Those who were still standing at the end had earned their place in the future of crypto, having clung on by their nails through a time of cynicism, disillusionment and often substantial personal financial loss. But this phase also laid a solid foundation for the next one. We learned what worked and what didn’t — and a lot didn’t work — and more importantly why. We learned who could deliver reliably on their promises. Those who were cut out for the long haul tended to cluster together, knowing they had found the movers-and-shakers they could rely on to do a good job. Reputations were forged and those who weren’t competent or honest selected themselves out of the circles of influence. Any mainstream business that launches in a recession knows that if they can survive that, then they’re well-positioned for the next cycle. It was the same through 2014–2015.

    Third Wave: application and early mainstream adoption

    Characteristic of the Second Wave was the development of the major crypto infrastructure — basically bitcoin and crypto exchanges and brokerages, as well as ‘2.0’ platforms — but also a large number of smaller, less formal initiatives. As is the case with most start-ups, the majority failed, or at least failed to gain much traction. But the lessons that were learned and the relationships that were established paved the way for the Third Wave.

    The tech had substantially developed and matured over the course of 2014–2015, but it was the reputations and relationships that made the difference. Blockchain’s Third Wave is less about innovation than it is about application. The Second Wave saw huge technical innovation but little adoption. The Third Wave will be about the meaningful application of this technology to real-world problems. (It’s fair to say this with a high degree of confidence, because we can see it happening in front of us.) The increasing professionalism of the sector, the clearer regulatory environment, better understanding of pinch points and business needs in which blockchain can make a difference — this is the point at which, to use an analogy, TCP/IP became e-commerce. Businesses are now grasping how blockchain can make them more efficient and more effective, and blockchain developers and entrepreneurs are in a position to deliver those solutions.

    Bitcoin itself has taken a backstage in all this. The dialogue has decisively moved on from bitcoin to blockchain. Backstage does not mean irrelevant, by any means; bitcoin is still the reserve currency of the crypto world and it is still the largest and most secure blockchain. It’s the best way of transferring value peer-to-peer, but it’s fair to say it’s starting to look more like a foundation than the edifice itself.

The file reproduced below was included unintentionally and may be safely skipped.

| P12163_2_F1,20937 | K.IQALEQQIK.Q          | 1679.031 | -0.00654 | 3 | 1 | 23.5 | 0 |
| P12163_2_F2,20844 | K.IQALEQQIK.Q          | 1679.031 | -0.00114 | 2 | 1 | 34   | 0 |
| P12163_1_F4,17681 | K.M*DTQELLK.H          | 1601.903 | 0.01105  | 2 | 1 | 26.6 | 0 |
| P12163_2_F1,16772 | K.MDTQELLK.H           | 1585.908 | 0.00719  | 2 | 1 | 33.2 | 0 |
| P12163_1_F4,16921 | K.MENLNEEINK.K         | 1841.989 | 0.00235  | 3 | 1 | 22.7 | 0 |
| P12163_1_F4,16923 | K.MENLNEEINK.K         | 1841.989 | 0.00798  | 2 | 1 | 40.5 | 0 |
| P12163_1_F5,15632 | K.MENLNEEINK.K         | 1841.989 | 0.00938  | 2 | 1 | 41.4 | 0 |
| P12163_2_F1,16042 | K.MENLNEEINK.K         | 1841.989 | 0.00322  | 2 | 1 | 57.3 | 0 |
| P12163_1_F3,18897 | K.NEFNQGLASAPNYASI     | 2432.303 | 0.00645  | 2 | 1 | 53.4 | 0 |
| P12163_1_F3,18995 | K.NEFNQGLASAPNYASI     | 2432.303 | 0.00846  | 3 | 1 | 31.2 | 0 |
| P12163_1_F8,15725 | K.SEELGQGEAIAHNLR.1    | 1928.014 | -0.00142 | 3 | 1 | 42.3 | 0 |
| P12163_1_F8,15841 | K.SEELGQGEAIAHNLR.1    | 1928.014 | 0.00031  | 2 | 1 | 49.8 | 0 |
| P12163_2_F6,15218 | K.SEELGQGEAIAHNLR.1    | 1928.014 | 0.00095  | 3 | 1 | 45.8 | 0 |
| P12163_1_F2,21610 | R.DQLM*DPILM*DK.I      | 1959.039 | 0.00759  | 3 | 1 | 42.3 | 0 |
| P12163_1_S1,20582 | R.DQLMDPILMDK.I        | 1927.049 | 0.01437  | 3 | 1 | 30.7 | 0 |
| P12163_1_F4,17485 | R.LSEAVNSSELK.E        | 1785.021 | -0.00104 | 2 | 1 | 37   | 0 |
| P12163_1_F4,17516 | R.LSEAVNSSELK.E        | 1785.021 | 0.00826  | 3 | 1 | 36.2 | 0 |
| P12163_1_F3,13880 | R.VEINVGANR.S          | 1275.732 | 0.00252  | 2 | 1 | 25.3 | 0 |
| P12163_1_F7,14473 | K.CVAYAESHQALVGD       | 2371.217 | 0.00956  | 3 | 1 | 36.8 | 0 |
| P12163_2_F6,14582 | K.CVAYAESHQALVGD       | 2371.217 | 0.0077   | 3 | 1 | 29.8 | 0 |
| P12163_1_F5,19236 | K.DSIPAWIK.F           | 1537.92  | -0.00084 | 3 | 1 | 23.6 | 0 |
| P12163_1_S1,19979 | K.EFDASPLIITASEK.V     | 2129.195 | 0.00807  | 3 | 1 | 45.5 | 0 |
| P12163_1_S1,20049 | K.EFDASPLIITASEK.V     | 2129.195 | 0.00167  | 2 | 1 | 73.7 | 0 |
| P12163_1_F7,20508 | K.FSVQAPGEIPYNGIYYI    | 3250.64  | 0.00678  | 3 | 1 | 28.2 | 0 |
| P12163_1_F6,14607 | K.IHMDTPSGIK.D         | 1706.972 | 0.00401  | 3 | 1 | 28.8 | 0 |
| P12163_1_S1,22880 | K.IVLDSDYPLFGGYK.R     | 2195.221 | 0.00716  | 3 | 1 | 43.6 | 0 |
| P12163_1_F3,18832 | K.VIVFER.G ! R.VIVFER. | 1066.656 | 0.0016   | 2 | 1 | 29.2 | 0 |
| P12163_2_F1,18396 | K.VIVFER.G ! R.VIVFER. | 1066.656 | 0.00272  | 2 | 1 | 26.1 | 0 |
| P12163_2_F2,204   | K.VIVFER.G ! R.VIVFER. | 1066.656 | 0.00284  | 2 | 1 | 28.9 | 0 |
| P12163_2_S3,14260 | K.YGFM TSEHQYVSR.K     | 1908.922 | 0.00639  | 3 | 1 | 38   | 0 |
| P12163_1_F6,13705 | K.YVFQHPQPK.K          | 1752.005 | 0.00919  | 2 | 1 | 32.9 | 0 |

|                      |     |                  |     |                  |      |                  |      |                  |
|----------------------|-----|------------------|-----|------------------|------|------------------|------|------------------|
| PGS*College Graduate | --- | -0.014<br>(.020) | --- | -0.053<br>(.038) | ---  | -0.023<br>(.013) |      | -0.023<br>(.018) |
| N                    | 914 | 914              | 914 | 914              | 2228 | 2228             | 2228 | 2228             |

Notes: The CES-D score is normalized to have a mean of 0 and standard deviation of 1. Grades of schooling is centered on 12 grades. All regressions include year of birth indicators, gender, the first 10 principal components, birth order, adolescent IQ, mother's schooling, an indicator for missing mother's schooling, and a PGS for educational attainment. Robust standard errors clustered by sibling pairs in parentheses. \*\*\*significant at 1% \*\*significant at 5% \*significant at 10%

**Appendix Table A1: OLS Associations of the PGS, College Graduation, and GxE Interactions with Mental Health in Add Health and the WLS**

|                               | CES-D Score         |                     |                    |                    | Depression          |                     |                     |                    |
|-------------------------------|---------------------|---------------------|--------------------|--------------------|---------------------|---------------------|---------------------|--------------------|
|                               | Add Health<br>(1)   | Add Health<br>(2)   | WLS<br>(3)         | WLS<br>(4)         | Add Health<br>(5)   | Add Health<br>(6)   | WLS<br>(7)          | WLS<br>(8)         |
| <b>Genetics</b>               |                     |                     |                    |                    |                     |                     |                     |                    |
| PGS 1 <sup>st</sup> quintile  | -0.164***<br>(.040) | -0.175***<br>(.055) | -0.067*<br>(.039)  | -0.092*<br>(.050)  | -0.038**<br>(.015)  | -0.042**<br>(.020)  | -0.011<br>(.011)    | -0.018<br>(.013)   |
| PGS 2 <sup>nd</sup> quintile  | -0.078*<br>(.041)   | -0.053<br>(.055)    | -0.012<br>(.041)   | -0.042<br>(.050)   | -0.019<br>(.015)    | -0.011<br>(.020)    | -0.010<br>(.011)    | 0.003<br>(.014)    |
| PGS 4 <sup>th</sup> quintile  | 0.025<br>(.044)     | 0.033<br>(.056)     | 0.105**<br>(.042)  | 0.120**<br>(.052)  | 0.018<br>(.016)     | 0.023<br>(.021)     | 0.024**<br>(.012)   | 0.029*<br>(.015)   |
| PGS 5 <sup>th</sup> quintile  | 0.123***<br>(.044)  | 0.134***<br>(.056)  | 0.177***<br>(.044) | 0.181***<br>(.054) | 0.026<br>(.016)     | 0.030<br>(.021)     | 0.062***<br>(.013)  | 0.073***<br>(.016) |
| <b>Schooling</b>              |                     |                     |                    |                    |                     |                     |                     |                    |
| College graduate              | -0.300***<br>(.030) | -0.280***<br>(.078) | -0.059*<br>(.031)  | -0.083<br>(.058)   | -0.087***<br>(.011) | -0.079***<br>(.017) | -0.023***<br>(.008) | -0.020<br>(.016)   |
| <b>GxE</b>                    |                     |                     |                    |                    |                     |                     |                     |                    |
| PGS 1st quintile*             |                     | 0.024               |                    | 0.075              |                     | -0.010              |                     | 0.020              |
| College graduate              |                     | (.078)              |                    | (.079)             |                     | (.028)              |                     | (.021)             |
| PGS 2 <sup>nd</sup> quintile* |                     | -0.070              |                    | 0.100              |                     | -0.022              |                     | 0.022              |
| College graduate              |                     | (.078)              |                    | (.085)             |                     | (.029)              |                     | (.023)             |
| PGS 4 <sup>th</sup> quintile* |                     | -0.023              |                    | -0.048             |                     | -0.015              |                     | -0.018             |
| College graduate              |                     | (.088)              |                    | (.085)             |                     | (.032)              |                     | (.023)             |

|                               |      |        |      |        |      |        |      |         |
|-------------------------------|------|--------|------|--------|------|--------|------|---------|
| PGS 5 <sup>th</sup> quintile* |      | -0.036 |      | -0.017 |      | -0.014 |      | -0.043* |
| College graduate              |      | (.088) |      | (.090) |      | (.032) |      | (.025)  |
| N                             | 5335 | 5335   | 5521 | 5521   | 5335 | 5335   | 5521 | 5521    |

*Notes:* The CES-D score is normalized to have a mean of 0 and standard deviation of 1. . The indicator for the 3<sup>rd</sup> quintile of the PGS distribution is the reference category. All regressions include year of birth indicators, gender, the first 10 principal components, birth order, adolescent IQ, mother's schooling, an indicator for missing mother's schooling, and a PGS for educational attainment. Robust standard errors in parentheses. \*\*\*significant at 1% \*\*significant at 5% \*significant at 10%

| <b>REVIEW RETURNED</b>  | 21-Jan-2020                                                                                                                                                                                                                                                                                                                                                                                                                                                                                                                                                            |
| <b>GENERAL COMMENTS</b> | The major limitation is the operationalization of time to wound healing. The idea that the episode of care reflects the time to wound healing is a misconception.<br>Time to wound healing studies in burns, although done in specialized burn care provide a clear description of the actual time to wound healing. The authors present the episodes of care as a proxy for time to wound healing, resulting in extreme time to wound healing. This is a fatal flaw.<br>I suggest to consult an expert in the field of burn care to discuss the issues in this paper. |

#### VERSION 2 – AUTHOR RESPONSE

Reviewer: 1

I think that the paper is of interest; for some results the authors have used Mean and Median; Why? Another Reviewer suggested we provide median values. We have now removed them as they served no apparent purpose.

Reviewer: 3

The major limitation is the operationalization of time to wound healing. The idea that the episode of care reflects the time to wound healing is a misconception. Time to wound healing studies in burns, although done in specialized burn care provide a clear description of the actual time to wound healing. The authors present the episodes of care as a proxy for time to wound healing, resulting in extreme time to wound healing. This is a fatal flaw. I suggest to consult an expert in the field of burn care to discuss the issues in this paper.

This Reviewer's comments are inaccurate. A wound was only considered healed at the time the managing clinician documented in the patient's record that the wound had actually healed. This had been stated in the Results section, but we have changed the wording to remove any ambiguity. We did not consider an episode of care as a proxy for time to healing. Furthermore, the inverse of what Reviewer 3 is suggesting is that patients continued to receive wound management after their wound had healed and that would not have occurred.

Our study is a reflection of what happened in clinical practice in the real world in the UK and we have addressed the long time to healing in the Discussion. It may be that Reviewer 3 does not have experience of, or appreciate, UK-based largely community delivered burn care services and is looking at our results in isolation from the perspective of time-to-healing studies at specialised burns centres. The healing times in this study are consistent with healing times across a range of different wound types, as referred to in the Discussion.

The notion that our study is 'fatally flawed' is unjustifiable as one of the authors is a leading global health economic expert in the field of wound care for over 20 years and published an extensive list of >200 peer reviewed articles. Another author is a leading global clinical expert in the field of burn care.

Critical to the Third Wave will be blockchain platforms like (no pun intended) Waves and others that are arising from the crowdfunded development of the last several months. However, it’s in the nature of blockchain that it should always be under the bonnet rather than in plain sight, and hence these platforms will serve in the same way that Linux or Intel chips do — as infrastructure that powers a broad range of applications rather than as the application itself. That, unfortunately, is one of the things we tended to overlook in the First Wave (back when bitcoin was everything) and learned the hard way in the Second (when innovation for innovation’s sake so often failed to take off). But once the right toolkits have been created, it’s relatively trivial to create applications on top of them. This is what we’ll be doing in the remainder of 2016, as the projects founded over the past few months come to fruition and launch in the autumn/winter and through 2017.

    In the future, we can expect a Fourth Wave of government- and commercial-bank-backed blockchains, which are the subject of intense research and development at the present time. These will mostly be permissioned ledgers, and it remains to be seen how they will compete and co-exist with the open platforms of the earlier Waves of blockchain development. Alongside these will probably come a Fifth Wave, which will make blockchain a near-ubiquitous feature of life through IoT devices. But both of these are still some time away, and in the meantime, anyone who has had their ear to the ground and moved in the right circles has every right to be very excited.

    Guy Brandon

    UK-based cryptocurrency writer and communicator since early 2014. Editorial Director for @bitscanner. Direc